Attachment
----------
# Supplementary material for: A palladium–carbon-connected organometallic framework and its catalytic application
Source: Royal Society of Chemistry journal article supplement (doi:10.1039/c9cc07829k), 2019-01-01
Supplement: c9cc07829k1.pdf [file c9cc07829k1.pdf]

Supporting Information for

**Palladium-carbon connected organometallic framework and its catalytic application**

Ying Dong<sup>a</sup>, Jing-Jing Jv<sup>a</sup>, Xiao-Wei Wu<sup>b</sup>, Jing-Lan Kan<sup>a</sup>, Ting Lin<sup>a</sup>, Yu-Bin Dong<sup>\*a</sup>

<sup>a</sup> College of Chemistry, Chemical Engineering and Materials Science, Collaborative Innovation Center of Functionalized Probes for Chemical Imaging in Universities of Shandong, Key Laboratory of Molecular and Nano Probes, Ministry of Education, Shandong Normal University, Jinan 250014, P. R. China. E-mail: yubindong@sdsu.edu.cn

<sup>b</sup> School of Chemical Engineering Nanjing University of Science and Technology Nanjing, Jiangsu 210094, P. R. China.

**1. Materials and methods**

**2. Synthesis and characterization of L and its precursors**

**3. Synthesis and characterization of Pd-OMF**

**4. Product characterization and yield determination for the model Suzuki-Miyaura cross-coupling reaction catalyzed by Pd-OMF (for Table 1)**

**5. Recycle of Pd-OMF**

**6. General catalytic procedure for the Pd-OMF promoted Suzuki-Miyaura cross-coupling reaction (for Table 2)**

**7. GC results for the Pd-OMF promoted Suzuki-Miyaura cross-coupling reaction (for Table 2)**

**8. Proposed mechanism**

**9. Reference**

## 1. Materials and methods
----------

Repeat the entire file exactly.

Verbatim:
# Supplementary material for: A palladium–carbon-connected organometallic framework and its catalytic application
Source: Royal Society of Chemistry journal article supplement (doi:10.1039/c9cc07829k), 2019-01-01
Supplement: c9cc07829k1.pdf [file c9cc07829k1.pdf]

Supporting Information for

**Palladium-carbon connected organometallic framework and its catalytic application**

Ying Dong<sup>a</sup>, Jing-Jing Jv<sup>a</sup>, Xiao-Wei Wu<sup>b</sup>, Jing-Lan Kan<sup>a</sup>, Ting Lin<sup>a</sup>, Yu-Bin Dong<sup>\*a</sup>

<sup>a</sup> College of Chemistry, Chemical Engineering and Materials Science, Collaborative Innovation Center of Functionalized Probes for Chemical Imaging in Universities of Shandong, Key Laboratory of Molecular and Nano Probes, Ministry of Education, Shandong Normal University, Jinan 250014, P. R. China. E-mail: yubindong@sdsu.edu.cn

<sup>b</sup> School of Chemical Engineering Nanjing University of Science and Technology Nanjing, Jiangsu 210094, P. R. China.

**1. Materials and methods**

**2. Synthesis and characterization of L and its precursors**

**3. Synthesis and characterization of Pd-OMF**

**4. Product characterization and yield determination for the model Suzuki-Miyaura cross-coupling reaction catalyzed by Pd-OMF (for Table 1)**

**5. Recycle of Pd-OMF**

**6. General catalytic procedure for the Pd-OMF promoted Suzuki-Miyaura cross-coupling reaction (for Table 2)**

**7. GC results for the Pd-OMF promoted Suzuki-Miyaura cross-coupling reaction (for Table 2)**

**8. Proposed mechanism**

**9. Reference**

## 1. Materials and methods